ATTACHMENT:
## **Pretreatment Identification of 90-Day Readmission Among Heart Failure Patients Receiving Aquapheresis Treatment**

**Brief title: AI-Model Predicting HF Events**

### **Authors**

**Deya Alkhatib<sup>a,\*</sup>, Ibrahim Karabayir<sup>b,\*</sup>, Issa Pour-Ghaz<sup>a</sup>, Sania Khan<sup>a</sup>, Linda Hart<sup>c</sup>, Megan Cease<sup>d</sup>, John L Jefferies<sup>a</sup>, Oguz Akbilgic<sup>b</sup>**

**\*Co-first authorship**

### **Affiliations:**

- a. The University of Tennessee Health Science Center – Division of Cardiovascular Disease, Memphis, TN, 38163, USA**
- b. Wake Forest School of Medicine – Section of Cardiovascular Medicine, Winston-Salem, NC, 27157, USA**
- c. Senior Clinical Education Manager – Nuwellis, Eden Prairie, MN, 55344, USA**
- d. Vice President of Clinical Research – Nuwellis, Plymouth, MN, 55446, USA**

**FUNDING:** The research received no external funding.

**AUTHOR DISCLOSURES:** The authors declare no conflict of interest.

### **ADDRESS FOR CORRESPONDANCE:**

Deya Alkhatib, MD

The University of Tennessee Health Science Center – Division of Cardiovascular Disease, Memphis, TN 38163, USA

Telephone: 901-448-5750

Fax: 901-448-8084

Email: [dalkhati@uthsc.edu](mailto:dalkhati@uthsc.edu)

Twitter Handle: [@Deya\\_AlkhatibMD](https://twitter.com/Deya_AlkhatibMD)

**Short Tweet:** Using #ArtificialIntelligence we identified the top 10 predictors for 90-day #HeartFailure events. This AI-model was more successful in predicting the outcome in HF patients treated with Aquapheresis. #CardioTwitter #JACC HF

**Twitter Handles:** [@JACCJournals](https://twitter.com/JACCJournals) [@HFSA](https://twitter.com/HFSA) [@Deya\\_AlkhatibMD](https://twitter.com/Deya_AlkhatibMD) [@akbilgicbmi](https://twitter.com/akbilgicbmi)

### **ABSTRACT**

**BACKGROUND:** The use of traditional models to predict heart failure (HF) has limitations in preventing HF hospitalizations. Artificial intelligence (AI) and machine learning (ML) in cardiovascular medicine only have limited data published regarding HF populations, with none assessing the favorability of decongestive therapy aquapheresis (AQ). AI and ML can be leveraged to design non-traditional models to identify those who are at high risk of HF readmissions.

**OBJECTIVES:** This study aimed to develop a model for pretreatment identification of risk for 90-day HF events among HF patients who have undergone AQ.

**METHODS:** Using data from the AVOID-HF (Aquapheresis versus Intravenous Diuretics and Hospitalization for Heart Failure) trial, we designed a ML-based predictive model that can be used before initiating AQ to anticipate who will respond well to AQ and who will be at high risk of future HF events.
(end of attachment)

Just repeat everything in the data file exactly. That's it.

## **Pretreatment Identification of 90-Day Readmission Among Heart Failure Patients Receiving Aquapheresis Treatment**

**Brief title: AI-Model Predicting HF Events**

### **Authors**

**Deya Alkhatib<sup>a,\*</sup>, Ibrahim Karabayir<sup>b,\*</sup>, Issa Pour-Ghaz<sup>a</sup>, Sania Khan<sup>a</sup>, Linda Hart<sup>c</sup>, Megan Cease<sup>d</sup>, John L Jefferies<sup>a</sup>, Oguz Akbilgic<sup>b</sup>**

**\*Co-first authorship**

### **Affiliations:**

- a. The University of Tennessee Health Science Center – Division of Cardiovascular Disease, Memphis, TN, 38163, USA**
- b. Wake Forest School of Medicine – Section of Cardiovascular Medicine, Winston-Salem, NC, 27157, USA**
- c. Senior Clinical Education Manager – Nuwellis, Eden Prairie, MN, 55344, USA**
- d. Vice President of Clinical Research – Nuwellis, Plymouth, MN, 55446, USA**

**FUNDING:** The research received no external funding.

**AUTHOR DISCLOSURES:** The authors declare no conflict of interest.

### **ADDRESS FOR CORRESPONDANCE:**

Deya Alkhatib, MD

The University of Tennessee Health Science Center – Division of Cardiovascular Disease, Memphis, TN 38163, USA

Telephone: 901-448-5750

Fax: 901-448-8084

Email: [dalkhati@uthsc.edu](mailto:dalkhati@uthsc.edu)

Twitter Handle: [@Deya\\_AlkhatibMD](https://twitter.com/Deya_AlkhatibMD)

**Short Tweet:** Using #ArtificialIntelligence we identified the top 10 predictors for 90-day #HeartFailure events. This AI-model was more successful in predicting the outcome in HF patients treated with Aquapheresis. #CardioTwitter #JACC HF

**Twitter Handles:** [@JACCJournals](https://twitter.com/JACCJournals) [@HFSA](https://twitter.com/HFSA) [@Deya\\_AlkhatibMD](https://twitter.com/Deya_AlkhatibMD) [@akbilgicbmi](https://twitter.com/akbilgicbmi)

### **ABSTRACT**

**BACKGROUND:** The use of traditional models to predict heart failure (HF) has limitations in preventing HF hospitalizations. Artificial intelligence (AI) and machine learning (ML) in cardiovascular medicine only have limited data published regarding HF populations, with none assessing the favorability of decongestive therapy aquapheresis (AQ). AI and ML can be leveraged to design non-traditional models to identify those who are at high risk of HF readmissions.

**OBJECTIVES:** This study aimed to develop a model for pretreatment identification of risk for 90-day HF events among HF patients who have undergone AQ.

**METHODS:** Using data from the AVOID-HF (Aquapheresis versus Intravenous Diuretics and Hospitalization for Heart Failure) trial, we designed a ML-based predictive model that can be used before initiating AQ to anticipate who will respond well to AQ and who will be at high risk of future HF events.